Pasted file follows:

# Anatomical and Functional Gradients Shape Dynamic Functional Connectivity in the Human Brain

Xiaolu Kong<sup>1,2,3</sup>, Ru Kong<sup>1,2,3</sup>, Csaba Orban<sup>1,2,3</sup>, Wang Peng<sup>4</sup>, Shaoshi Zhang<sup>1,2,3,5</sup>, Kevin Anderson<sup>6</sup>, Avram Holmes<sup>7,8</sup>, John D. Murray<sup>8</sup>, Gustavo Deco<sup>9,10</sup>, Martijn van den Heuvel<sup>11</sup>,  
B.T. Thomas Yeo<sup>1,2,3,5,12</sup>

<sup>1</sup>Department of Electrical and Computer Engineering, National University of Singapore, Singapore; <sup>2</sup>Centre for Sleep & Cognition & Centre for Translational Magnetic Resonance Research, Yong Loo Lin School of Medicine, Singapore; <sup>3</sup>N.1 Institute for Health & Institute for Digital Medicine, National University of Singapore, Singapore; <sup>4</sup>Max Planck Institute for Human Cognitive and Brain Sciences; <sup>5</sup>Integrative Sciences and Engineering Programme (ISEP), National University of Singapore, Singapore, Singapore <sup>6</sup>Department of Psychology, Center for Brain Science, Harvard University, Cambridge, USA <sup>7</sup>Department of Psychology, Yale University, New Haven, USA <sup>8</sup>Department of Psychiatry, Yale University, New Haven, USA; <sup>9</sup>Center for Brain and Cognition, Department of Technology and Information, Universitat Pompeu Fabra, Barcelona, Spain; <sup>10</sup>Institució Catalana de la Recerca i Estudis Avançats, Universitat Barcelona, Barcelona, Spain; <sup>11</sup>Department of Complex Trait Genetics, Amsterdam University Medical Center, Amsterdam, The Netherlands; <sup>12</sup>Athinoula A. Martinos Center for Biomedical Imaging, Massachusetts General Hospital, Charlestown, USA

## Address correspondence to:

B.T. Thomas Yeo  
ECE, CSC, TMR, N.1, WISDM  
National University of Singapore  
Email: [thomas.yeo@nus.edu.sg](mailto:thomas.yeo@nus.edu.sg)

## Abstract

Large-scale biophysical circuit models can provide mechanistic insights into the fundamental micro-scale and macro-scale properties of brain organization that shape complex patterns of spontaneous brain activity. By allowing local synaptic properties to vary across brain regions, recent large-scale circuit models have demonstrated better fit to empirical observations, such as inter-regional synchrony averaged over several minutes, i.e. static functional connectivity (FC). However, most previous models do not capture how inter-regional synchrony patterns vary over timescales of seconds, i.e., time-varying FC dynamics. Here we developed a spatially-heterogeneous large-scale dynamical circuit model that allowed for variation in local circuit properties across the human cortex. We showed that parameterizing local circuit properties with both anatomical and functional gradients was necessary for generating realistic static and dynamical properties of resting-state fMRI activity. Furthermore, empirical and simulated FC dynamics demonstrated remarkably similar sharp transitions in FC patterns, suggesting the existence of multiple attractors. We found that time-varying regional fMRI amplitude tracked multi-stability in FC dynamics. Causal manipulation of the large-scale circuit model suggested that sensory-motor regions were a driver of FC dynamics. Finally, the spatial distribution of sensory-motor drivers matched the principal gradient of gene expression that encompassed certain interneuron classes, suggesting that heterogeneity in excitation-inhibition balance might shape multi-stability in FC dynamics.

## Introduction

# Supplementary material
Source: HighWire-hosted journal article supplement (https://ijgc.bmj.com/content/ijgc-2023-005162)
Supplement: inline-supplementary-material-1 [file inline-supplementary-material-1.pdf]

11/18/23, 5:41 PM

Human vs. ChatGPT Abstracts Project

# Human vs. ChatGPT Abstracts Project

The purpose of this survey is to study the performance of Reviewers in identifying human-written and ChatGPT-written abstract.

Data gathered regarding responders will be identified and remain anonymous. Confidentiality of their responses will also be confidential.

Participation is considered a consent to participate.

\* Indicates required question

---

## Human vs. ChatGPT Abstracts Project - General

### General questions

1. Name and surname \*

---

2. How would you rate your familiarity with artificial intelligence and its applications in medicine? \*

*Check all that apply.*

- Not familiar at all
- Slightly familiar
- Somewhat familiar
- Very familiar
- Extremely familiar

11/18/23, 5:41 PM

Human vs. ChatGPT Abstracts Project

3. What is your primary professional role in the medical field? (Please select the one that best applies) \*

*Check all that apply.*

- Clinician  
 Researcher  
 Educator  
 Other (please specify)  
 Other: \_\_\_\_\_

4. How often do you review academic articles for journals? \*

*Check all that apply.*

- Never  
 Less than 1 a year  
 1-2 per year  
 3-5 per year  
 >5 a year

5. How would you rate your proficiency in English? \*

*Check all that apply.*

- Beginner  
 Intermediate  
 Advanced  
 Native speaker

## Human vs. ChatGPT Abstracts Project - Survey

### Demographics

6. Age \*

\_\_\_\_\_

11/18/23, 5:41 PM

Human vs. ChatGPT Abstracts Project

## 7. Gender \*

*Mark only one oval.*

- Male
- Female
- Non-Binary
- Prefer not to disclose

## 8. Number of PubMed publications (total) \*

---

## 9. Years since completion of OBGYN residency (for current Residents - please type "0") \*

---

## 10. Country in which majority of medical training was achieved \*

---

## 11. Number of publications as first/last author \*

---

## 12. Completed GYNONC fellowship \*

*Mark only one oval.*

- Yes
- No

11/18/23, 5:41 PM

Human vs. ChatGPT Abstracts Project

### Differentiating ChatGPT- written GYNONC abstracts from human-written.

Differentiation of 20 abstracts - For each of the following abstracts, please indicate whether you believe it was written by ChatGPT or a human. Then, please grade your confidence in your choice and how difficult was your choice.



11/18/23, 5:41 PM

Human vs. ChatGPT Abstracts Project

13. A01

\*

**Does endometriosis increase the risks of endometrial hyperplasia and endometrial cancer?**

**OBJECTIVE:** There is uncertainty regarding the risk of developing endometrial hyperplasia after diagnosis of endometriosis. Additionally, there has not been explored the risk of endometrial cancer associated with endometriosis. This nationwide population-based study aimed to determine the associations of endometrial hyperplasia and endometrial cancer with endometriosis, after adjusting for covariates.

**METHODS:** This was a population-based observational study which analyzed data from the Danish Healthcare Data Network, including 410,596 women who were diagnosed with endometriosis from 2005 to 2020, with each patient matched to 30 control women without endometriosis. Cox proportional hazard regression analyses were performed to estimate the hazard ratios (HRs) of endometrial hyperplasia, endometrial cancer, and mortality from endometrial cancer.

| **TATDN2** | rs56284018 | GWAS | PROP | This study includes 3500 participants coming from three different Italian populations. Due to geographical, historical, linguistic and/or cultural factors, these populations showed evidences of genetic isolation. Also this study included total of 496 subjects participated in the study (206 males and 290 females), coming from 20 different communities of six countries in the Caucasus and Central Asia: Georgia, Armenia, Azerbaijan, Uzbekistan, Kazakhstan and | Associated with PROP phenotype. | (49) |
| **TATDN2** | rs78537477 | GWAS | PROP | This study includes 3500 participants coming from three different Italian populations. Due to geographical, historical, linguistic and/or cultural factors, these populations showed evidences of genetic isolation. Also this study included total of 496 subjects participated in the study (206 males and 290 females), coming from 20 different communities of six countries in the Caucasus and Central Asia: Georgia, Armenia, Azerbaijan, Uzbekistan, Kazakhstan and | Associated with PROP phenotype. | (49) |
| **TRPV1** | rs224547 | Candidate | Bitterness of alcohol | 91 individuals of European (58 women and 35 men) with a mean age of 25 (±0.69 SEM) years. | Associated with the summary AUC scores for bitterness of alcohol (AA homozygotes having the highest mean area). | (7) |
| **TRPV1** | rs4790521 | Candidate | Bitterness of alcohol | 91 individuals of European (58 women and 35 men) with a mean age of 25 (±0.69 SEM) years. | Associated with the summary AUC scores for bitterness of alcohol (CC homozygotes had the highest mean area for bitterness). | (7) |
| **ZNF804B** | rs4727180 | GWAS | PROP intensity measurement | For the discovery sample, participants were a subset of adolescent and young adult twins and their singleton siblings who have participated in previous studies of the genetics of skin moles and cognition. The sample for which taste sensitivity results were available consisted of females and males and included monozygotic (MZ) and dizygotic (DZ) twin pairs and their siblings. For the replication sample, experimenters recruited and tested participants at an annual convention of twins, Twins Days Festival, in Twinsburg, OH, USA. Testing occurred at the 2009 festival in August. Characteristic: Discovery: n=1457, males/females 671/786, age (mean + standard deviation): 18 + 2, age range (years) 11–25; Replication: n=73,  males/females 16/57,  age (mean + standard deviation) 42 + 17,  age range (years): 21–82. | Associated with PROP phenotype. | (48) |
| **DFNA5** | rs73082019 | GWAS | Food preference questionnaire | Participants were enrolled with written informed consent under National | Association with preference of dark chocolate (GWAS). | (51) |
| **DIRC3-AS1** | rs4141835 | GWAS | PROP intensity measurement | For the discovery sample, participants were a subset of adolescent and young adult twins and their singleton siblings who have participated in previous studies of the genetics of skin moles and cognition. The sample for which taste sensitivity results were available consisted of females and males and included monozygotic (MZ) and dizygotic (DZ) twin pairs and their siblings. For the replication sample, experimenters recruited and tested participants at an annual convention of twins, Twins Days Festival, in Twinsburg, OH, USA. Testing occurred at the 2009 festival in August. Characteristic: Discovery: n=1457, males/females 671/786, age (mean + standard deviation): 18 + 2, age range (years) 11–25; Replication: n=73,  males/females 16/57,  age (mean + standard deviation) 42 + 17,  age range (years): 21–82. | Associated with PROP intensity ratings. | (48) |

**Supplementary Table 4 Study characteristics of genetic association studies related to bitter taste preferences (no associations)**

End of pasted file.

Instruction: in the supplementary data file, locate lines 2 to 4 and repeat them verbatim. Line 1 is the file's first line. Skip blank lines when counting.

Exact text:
Xiaolu Kong<sup>1,2,3</sup>, Ru Kong<sup>1,2,3</sup>, Csaba Orban<sup>1,2,3</sup>, Wang Peng<sup>4</sup>, Shaoshi Zhang<sup>1,2,3,5</sup>, Kevin Anderson<sup>6</sup>, Avram Holmes<sup>7,8</sup>, John D. Murray<sup>8</sup>, Gustavo Deco<sup>9,10</sup>, Martijn van den Heuvel<sup>11</sup>,  
B.T. Thomas Yeo<sup>1,2,3,5,12</sup>

<sup>1</sup>Department of Electrical and Computer Engineering, National University of Singapore, Singapore; <sup>2</sup>Centre for Sleep & Cognition & Centre for Translational Magnetic Resonance Research, Yong Loo Lin School of Medicine, Singapore; <sup>3</sup>N.1 Institute for Health & Institute for Digital Medicine, National University of Singapore, Singapore; <sup>4</sup>Max Planck Institute for Human Cognitive and Brain Sciences; <sup>5</sup>Integrative Sciences and Engineering Programme (ISEP), National University of Singapore, Singapore, Singapore <sup>6</sup>Department of Psychology, Center for Brain Science, Harvard University, Cambridge, USA <sup>7</sup>Department of Psychology, Yale University, New Haven, USA <sup>8</sup>Department of Psychiatry, Yale University, New Haven, USA; <sup>9</sup>Center for Brain and Cognition, Department of Technology and Information, Universitat Pompeu Fabra, Barcelona, Spain; <sup>10</sup>Institució Catalana de la Recerca i Estudis Avançats, Universitat Barcelona, Barcelona, Spain; <sup>11</sup>Department of Complex Trait Genetics, Amsterdam University Medical Center, Amsterdam, The Netherlands; <sup>12</sup>Athinoula A. Martinos Center for Biomedical Imaging, Massachusetts General Hospital, Charlestown, USA